The technical information in this news release has been prepared in accordance with Canadian regulatory requirements set out in National Instrument 43-101 and reviewed and approved by Nelson W. Baker, P.Eng., the President and CEO of Mineral Mountain Resources Ltd. and a Qualified Person for this project. All exploration activities at the Rochford Project are carried out under the supervision of Kevin Leonard, P.Geo., also a Qualified Person for this project.

About Mineral Mountain Resources and the Rochford Gold Project

Mineral Mountain Resources Ltd., through its wholly owned subsidiary Mineral Mountain Resources (SD) Inc., is focused on the exploration and, if warranted, development of its 100%-owned Rochford Gold Project situated along the highly prospective Homestake Gold Belt in the Black Hills of South Dakota, U.S.A. The Rochford Project covers approximately 5,500 acres and straddles several major trends of structurally thickened auriferous iron formation over strike lengths of up to 9 km each.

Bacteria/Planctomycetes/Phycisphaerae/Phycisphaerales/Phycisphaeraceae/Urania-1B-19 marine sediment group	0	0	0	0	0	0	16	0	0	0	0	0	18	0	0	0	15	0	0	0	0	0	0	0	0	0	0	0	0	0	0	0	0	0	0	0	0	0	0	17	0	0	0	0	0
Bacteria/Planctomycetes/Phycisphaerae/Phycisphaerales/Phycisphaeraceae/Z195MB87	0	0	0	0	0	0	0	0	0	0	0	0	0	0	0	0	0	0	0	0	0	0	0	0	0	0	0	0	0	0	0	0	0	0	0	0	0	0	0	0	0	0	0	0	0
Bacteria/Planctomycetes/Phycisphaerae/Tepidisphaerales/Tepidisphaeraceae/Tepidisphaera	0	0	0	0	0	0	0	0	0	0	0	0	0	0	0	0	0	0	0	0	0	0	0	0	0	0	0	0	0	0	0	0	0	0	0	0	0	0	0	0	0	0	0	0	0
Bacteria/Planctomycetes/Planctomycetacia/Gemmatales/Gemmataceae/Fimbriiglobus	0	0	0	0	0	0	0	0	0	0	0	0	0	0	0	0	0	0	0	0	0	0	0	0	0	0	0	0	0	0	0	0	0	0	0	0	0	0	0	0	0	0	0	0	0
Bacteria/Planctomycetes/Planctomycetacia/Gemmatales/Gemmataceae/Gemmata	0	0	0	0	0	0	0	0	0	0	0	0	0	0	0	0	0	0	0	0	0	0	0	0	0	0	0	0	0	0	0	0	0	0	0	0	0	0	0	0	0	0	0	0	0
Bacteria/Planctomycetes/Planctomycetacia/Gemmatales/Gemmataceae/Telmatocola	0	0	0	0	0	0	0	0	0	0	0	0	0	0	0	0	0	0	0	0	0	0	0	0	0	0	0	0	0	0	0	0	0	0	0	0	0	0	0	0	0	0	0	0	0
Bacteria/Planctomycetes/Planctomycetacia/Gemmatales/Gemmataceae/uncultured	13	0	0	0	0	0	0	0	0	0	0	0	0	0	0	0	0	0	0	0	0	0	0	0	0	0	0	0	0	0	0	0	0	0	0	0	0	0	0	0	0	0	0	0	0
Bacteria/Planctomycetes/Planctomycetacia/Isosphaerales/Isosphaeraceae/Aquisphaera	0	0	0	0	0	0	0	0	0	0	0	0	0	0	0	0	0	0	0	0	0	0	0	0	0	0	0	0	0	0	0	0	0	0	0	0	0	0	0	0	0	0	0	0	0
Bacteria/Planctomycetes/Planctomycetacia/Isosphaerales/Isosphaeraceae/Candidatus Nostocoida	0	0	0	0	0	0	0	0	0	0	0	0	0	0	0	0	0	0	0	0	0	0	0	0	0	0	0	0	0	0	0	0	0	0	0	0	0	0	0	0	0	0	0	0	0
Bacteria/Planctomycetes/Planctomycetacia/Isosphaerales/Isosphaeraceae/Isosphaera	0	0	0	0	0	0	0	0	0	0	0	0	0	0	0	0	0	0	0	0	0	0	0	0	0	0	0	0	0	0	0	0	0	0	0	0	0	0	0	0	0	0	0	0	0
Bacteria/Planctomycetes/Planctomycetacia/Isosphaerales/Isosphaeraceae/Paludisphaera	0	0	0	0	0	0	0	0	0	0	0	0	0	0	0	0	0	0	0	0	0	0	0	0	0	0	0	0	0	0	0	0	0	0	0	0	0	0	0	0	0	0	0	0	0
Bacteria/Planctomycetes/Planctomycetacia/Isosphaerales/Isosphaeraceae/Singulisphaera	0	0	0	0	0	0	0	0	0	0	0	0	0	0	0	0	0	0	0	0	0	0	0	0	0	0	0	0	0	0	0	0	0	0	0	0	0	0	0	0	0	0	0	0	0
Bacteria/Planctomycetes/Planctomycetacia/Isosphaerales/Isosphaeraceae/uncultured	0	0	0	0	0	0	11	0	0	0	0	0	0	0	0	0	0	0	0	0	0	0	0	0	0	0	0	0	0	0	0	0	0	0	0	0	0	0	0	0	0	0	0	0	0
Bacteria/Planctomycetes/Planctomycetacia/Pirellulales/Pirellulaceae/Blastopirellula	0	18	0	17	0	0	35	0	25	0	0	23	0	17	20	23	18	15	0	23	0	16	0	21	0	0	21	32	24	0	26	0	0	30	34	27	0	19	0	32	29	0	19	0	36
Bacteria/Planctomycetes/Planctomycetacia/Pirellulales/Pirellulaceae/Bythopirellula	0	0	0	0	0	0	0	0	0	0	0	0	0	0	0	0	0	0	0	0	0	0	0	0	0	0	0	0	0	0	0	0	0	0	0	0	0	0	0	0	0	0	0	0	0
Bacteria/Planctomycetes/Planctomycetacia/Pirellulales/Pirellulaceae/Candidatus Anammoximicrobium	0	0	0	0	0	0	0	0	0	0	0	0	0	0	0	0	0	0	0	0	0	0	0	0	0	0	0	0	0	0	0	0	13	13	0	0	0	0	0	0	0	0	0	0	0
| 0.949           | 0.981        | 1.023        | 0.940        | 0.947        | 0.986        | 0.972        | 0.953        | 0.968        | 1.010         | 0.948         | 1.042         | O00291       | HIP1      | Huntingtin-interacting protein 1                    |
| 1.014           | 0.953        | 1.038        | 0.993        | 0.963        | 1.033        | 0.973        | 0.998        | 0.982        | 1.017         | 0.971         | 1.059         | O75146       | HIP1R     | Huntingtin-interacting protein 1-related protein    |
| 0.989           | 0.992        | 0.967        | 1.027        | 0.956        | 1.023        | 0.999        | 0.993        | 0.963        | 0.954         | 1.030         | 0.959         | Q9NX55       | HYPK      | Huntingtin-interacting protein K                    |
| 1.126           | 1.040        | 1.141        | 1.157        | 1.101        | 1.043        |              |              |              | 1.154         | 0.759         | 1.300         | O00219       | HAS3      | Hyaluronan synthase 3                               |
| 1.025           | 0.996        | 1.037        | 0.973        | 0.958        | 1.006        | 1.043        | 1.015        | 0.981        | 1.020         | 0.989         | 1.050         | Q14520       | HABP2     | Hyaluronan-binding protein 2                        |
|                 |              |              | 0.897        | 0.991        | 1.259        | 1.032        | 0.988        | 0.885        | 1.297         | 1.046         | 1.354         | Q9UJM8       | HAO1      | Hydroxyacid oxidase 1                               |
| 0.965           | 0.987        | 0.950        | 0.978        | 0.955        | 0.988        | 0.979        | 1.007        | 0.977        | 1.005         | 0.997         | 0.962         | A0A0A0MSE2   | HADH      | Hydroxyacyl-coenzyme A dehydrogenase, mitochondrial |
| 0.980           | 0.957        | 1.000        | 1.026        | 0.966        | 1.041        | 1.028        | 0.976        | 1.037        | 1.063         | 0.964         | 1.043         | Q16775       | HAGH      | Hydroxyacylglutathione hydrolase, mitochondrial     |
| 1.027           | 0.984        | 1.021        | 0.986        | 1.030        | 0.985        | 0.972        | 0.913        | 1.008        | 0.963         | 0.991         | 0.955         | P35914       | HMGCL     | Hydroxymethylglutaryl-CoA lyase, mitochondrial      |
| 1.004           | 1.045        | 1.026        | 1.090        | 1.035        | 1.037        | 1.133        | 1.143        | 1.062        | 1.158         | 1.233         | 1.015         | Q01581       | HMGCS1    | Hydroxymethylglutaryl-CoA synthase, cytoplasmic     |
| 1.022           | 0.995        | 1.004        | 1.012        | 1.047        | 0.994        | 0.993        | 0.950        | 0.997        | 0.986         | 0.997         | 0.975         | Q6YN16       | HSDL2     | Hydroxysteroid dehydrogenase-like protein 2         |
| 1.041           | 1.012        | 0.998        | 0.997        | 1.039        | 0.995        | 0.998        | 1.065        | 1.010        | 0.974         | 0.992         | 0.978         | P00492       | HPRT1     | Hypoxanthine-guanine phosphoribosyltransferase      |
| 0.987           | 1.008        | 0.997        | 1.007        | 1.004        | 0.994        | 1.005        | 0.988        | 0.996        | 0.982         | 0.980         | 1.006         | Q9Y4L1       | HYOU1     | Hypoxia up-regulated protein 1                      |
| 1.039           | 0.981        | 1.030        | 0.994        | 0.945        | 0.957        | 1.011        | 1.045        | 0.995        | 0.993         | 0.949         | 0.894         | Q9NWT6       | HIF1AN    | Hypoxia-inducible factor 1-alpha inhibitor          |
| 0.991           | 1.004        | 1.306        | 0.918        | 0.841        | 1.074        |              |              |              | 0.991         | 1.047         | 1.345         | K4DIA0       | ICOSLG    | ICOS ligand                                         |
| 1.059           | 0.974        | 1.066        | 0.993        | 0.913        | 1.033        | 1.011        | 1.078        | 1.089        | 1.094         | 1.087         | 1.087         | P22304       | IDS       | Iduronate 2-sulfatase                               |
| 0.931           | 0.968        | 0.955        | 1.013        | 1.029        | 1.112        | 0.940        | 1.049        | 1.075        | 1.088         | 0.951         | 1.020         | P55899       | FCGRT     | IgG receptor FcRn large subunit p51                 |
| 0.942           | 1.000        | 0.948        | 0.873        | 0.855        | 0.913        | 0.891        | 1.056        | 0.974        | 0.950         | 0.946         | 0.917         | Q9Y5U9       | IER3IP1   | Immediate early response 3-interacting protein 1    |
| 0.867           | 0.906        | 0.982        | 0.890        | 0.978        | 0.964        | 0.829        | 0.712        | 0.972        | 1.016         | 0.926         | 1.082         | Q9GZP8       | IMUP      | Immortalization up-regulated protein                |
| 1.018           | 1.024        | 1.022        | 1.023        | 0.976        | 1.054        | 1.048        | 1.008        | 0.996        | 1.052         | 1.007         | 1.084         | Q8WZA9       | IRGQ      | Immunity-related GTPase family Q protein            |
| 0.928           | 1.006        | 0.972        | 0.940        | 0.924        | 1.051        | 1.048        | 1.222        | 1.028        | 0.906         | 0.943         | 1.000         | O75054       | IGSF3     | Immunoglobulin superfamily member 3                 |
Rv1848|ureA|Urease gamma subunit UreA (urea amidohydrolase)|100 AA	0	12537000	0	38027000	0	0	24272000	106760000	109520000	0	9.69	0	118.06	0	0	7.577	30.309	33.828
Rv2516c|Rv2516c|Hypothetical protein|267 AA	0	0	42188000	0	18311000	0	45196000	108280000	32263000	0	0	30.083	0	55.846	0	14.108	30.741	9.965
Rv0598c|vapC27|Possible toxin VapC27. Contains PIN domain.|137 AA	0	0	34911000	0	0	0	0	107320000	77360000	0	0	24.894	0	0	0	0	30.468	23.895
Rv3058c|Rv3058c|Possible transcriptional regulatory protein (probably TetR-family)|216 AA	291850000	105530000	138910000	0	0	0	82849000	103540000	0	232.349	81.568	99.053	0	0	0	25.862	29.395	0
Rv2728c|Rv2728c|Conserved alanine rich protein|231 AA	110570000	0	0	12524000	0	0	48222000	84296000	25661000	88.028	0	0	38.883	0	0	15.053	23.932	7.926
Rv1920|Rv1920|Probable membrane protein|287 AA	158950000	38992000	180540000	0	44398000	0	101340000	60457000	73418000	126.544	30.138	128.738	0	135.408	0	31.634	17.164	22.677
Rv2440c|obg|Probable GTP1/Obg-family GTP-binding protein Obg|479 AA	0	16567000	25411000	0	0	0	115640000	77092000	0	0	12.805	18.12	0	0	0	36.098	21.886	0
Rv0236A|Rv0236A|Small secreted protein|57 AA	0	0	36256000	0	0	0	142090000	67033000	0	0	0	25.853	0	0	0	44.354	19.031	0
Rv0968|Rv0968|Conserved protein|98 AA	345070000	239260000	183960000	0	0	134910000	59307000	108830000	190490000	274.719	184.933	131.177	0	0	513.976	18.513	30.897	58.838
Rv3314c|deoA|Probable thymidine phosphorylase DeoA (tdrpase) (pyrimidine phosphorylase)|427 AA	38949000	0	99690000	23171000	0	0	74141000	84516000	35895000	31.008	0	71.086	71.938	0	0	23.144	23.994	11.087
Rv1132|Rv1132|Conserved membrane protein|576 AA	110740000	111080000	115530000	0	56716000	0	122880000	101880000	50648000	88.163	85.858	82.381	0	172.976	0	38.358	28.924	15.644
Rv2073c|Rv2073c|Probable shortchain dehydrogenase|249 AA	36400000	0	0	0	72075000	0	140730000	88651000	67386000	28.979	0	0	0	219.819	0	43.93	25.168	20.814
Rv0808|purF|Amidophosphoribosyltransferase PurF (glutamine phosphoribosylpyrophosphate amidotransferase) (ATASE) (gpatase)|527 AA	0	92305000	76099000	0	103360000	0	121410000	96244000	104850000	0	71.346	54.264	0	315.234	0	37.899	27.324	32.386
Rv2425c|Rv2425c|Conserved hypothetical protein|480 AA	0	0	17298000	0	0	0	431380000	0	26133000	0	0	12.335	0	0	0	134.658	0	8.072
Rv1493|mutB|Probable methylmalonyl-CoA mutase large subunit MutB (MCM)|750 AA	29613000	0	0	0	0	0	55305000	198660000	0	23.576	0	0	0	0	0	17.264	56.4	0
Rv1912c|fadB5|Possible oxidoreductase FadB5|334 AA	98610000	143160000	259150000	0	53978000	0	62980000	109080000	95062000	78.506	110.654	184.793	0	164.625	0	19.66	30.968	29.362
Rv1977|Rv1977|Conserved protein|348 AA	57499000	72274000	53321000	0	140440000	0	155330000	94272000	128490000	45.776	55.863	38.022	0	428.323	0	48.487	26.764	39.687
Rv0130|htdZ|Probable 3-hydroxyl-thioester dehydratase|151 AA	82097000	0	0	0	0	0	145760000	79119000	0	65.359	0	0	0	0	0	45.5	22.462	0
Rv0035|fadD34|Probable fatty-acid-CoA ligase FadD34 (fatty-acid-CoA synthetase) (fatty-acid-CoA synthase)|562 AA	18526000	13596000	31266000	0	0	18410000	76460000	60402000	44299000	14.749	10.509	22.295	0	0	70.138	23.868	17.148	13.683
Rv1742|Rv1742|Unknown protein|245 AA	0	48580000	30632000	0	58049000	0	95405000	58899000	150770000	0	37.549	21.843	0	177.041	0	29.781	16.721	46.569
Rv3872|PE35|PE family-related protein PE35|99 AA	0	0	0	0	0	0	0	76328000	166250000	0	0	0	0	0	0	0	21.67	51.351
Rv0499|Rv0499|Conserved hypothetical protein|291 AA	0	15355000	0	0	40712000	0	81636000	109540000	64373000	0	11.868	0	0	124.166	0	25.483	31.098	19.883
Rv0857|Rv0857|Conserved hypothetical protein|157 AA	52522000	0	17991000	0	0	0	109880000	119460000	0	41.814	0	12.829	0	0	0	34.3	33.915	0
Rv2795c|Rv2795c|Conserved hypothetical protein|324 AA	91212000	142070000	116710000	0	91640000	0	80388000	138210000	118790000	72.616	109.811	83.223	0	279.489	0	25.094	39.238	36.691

Since 2013, the Company has continued to expand its land position in the Rochford gold district by professional claim staking and also by purchasing strategically located private properties that fall along two of the major sub-parallel structural trends that host Ledge-type gold mineralization. The Company now owns the largest land position in the Rochford greenstone belt and now possesses by far the largest and most comprehensive database for the district in modern day exploration history! The Rochford Project is vastly under-explored and has the potential to host several district scale gold discoveries.

Following a complete review and assimilation of the newly-acquired database, the Company anticipates that the Standby Mine will require a well-planned, systematic diamond drill program to test the Ledge-style gold mineralization down plunge. The permitting process to drill the Standby Mine target is in progress.